Rule by TABOR flouts the founding fathers
Author: - January 16, 2009 - Updated: January 16, 2009
As we begin another legislative session, a few observations are in order.
Colorado’s General Assembly is probably the most poorly equipped of any Legislature in the country to deal with the current national economic mess as it affects our state.
Colorado’s past decisions in innumerable constitutional amendments and referenda have so severely limited our lawmakers’ ability to deal with the state’s problems that we have no right to expect them to deal effectively with our financial problems.
Ours is the only state in the nation that prohibits our lawmakers to increase taxes without a vote of the people. Forty-nine state legislatures can raise taxes on their own vote, with approval of the governor. If that wasn’t bad enough, we have so limited the opportunities for them to present tax increases to the voters that they cannot act to solve urgent problems.
We treat them like petulant children. Our attitude seems to be that, although we elected them, we have no confidence in them to deal with the state’s finances.
We have turned our representative republic on its head. We have denuded our elected representatives. What did we elect them for? To disburse their very limited allowance among the needs they perceive?
Starting with TABOR, by that very illustrious economist, Douglas Bruce, and continuing with the absurdities of Amendment 23 — along with other electorate-imposed limits — we have handcuffed our legislators to the extent that we can have no rational state budget. We cannot place any significant percentage of our tax revenues where they are really needed. Legislators are forbidden to allocate the state’s meager unrestricted funds in a way that seems most reasonable under the circumstances.
It is a ridiculous, inefficient, wasteful and — if I may say so — childish way to run a state government. If we have enough confidence to elect citizens to serve in our General Assembly, why don’t we let them do the job we elected them to do?
To begin to understand the problem, look at the money we spend in our election process. On Jan. 2, the Rocky Mountain News reported that $71.1 million was spent to pass or defeat ballot issues in the 2008 election — mostly by 527 or 501(c)4 special interest groups. In that election, the groups spent $9.5 million on the campaigns of candidates for Colorado’s General Assembly. In other words, the special interests (and I really don’t like that term) spent seven times as much telling legislators what they could or couldn’t do as they did on deciding who was the best candidate for the
Why spend money electing good legislators to decide rationally about the broad needs of state government if you contrive broadcast commercials and mailers to convince citizens that they should take away the Legislature’s power to make meaningful financial decisions?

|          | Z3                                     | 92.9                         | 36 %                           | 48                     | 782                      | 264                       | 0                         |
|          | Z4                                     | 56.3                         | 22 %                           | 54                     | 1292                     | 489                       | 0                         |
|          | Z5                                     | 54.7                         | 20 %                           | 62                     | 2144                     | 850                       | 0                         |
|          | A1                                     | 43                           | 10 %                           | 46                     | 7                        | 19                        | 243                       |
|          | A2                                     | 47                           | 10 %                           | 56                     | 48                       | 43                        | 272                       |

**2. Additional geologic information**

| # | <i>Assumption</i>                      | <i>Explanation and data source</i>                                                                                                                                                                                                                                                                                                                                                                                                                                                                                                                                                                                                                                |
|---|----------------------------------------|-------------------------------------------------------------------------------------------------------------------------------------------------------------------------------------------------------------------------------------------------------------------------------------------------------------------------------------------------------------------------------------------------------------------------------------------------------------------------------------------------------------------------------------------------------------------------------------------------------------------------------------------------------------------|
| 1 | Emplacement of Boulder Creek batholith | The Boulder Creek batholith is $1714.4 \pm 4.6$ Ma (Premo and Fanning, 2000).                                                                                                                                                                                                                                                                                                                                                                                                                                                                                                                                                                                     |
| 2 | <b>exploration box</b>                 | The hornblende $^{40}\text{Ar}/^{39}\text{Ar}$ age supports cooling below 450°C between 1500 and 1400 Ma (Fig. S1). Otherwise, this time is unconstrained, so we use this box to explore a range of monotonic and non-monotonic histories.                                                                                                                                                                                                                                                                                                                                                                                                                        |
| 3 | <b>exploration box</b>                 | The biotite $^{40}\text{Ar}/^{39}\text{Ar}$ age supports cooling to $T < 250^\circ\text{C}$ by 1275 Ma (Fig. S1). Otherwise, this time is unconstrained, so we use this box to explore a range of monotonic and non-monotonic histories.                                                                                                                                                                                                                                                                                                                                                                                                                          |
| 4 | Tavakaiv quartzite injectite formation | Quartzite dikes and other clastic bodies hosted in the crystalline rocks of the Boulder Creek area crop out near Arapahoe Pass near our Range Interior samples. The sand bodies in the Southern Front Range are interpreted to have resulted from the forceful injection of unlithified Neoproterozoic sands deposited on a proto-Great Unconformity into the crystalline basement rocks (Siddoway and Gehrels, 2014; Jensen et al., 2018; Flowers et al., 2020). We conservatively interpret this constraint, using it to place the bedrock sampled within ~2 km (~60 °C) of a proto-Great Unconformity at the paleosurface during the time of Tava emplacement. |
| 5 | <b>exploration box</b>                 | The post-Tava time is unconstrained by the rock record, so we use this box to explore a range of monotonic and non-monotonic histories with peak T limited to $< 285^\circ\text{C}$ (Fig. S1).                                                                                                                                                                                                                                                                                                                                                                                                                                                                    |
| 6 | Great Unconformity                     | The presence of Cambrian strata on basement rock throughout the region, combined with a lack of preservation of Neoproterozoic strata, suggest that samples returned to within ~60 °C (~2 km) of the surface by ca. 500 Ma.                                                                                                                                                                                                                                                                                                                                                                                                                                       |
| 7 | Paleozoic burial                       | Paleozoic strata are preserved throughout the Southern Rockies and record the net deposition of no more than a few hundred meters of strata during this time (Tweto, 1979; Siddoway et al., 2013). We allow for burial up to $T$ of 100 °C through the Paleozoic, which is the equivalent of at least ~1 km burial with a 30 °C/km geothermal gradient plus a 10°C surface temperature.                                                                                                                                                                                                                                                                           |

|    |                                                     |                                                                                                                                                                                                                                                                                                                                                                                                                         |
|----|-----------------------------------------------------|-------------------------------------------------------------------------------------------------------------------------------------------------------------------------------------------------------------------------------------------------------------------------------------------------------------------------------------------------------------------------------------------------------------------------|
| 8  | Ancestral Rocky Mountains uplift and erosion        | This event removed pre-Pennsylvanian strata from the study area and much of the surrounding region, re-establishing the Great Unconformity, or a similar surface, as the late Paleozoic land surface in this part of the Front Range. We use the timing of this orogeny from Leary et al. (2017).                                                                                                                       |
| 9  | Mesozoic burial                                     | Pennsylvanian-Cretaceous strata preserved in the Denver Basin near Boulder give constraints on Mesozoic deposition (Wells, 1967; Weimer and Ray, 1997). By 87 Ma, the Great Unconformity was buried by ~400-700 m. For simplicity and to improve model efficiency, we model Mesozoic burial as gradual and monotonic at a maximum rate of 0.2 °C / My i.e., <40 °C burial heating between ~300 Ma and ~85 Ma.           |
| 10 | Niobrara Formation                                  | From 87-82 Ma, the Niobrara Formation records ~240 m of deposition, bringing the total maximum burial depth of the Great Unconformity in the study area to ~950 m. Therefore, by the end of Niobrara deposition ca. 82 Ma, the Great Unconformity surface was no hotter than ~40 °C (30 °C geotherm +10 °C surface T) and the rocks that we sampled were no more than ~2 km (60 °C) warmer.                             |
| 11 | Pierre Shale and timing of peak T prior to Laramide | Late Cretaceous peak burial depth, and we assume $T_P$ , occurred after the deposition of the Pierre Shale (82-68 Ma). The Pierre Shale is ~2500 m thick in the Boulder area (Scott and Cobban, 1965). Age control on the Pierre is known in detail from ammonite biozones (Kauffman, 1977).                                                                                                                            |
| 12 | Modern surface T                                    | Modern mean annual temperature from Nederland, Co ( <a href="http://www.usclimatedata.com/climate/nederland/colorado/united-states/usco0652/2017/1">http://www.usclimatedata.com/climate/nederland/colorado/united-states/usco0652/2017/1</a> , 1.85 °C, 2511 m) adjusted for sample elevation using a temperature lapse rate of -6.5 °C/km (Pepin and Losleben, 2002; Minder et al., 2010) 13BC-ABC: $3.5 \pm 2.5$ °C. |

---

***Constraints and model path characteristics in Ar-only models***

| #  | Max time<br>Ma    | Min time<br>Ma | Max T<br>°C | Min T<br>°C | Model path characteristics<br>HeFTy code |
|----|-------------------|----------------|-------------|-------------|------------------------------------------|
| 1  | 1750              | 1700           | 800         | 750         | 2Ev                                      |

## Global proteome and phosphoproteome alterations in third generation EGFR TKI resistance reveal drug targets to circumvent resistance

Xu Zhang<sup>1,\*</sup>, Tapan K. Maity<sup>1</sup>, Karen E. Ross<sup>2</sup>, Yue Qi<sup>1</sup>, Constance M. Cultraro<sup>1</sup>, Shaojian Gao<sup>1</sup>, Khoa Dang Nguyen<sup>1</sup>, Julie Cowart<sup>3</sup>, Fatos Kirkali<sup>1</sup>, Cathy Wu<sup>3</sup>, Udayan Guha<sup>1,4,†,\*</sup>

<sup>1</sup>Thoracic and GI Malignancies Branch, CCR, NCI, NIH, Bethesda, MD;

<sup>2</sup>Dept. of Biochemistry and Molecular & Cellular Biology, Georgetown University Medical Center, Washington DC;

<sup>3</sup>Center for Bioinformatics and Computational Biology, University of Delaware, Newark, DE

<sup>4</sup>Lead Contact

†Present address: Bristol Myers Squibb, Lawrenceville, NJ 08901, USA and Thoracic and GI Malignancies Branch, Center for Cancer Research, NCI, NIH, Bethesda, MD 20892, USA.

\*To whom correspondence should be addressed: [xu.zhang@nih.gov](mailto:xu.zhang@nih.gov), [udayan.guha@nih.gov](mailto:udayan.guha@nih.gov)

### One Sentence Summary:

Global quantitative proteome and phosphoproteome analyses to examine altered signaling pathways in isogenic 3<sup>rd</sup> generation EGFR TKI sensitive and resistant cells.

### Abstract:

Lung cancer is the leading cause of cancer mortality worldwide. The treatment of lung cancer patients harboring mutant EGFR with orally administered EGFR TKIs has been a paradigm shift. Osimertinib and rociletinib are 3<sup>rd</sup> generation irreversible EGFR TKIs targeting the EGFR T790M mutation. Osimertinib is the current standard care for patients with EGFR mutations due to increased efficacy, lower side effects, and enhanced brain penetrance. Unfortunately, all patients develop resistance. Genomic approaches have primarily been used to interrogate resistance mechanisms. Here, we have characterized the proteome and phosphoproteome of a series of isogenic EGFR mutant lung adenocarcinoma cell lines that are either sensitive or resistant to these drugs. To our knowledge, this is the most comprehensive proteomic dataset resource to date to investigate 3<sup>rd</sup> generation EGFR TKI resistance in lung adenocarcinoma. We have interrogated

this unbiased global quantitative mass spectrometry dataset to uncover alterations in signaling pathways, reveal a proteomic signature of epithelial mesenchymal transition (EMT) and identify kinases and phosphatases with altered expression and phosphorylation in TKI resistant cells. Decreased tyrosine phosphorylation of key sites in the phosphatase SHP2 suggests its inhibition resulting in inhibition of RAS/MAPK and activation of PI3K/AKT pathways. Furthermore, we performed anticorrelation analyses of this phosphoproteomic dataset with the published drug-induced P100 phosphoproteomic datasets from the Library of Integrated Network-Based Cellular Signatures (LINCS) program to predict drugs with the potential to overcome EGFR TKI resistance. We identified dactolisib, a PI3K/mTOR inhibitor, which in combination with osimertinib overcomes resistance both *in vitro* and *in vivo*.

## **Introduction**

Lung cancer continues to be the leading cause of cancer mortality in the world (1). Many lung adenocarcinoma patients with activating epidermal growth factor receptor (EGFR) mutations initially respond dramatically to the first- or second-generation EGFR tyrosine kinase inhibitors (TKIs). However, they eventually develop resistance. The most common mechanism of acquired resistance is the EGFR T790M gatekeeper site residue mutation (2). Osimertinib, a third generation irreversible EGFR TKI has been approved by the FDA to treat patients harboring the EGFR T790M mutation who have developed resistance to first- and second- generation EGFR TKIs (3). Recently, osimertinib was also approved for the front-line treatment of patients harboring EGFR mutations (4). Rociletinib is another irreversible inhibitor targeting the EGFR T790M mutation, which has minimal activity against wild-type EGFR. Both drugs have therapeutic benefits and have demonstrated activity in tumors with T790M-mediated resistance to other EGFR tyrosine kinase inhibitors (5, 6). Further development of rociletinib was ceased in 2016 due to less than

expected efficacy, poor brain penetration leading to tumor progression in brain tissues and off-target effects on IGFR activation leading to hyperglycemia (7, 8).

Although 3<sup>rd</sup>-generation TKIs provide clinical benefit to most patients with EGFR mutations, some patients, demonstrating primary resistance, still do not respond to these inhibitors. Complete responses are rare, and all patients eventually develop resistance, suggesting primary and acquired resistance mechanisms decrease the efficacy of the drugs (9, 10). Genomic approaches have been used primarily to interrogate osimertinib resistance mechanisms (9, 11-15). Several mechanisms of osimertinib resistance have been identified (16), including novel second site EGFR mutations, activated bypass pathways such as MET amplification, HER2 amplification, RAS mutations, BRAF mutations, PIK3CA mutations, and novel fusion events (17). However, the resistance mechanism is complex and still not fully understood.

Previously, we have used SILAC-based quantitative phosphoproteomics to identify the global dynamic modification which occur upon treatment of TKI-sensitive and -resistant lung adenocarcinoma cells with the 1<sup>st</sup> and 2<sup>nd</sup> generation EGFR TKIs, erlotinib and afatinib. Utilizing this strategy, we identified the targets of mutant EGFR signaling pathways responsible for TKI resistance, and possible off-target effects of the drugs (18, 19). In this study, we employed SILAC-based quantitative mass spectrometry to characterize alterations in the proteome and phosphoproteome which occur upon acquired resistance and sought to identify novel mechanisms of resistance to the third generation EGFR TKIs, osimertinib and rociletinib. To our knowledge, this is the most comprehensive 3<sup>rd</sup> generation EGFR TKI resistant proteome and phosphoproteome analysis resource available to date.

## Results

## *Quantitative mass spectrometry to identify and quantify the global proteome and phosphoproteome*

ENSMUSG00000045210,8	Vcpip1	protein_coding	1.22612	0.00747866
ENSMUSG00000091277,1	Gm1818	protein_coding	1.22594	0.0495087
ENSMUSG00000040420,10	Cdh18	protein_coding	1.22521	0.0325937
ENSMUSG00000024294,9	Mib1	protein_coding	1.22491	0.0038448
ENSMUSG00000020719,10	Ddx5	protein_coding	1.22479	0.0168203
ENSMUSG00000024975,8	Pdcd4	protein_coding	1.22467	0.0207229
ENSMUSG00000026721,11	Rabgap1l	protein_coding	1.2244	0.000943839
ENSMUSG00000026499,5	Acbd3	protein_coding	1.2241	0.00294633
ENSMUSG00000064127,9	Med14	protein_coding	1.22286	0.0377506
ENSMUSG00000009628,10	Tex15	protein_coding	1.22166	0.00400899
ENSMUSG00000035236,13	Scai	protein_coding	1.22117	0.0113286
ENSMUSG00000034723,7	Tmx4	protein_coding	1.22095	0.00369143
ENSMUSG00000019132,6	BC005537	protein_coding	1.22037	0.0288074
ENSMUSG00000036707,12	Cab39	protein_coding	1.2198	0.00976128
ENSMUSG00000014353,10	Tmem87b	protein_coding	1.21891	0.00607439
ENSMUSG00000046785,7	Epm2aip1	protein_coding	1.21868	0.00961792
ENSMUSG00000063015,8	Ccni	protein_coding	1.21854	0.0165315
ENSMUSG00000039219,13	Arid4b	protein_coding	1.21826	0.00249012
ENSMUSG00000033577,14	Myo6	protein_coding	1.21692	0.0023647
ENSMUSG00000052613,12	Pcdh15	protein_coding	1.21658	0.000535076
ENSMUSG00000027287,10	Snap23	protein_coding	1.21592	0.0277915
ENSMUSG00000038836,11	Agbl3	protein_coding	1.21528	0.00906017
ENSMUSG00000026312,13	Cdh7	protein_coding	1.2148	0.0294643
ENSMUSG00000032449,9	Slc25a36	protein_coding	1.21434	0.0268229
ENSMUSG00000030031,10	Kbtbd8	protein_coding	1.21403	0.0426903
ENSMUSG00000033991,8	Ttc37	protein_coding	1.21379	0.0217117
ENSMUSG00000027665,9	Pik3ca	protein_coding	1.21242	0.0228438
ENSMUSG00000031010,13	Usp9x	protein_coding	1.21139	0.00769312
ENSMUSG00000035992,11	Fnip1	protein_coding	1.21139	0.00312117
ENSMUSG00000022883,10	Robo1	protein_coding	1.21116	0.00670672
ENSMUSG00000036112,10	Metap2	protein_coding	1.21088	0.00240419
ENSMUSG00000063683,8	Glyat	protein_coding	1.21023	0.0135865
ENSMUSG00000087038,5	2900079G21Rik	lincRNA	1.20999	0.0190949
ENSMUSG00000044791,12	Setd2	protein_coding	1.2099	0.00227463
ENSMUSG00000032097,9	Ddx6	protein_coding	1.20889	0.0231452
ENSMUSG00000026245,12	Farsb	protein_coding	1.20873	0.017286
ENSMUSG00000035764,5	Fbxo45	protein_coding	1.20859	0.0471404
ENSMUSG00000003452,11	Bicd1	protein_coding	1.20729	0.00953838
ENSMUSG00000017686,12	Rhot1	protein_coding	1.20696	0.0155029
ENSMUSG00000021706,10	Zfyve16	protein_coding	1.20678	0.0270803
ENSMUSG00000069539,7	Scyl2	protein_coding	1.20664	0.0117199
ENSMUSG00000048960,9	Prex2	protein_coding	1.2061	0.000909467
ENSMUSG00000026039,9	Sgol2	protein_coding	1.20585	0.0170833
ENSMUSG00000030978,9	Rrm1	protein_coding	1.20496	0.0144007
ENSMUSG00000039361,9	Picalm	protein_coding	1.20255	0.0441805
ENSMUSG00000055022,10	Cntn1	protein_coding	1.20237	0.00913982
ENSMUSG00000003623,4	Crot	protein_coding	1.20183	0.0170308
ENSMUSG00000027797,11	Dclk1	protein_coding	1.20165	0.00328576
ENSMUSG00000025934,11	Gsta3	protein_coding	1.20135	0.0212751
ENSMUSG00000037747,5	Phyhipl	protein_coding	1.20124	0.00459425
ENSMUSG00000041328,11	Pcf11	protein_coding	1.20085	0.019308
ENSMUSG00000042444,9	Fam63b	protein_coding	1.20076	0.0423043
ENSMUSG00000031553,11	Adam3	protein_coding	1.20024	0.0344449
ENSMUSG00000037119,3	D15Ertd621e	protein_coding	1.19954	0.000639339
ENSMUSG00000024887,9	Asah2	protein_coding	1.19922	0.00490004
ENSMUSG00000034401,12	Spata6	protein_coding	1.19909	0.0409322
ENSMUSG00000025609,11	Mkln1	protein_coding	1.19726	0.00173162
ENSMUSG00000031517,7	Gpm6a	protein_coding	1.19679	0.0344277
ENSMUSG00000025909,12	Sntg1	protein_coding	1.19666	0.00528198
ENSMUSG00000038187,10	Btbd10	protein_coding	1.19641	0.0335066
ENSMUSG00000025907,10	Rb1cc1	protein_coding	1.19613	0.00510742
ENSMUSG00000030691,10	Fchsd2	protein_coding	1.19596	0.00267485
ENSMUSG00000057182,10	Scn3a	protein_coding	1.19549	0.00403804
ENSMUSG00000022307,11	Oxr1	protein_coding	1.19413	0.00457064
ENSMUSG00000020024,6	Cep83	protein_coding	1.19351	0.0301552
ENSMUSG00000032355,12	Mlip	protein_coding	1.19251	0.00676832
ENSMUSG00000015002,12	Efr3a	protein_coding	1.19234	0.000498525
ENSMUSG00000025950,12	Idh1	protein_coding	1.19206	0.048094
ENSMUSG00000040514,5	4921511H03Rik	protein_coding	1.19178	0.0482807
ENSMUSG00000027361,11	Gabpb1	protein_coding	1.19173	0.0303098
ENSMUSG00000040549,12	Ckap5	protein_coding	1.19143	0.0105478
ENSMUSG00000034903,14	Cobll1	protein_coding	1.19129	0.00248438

Referendum O was an attempt (a futile one) last year to bring some balance to the consideration of constitutional amendments and initiated laws. The failure to do that kept the power in the hands of those who can raise enough money to tie the hands of legislators and citizens and diminish the legislative process. Legislators have no chance to move money around to solve our most pressing needs.
Term limits are another sinister part of this deprivation of citizen control over our state government. Did you ever see a term limit on lobbyists or on legislative staff? Term limits assure that no legislator can stay in the process long enough to balance his or her historical knowledge with that of lobbyists and professional legislative staff. By the time legislators get to the point that they are able to outsmart the special interests, term limits turn them out of office.
We have turned Colorado’s representative republican form of government into a direct democracy, where the voters must decide important issues. We have rejected the government model our founding fathers gave us for the federal government — and Colorado is the only state that rejects that model.
It amazes me that so many dedicated citizens continue to run for the House and Senate. They spend the whole session banging their heads against the wall, trying to figure out how to give their constituents the best state government they can. The frustration of those I have discussed it with is palpable.
We are very lucky. We have a General Assembly full of intelligent and unselfish people who are willing to give their time and energy to give us the best government they can provide under the restrictions they face.
We should all find ways to thank them for their service.
Norman Duncan is a former lobbyist and current Democrat.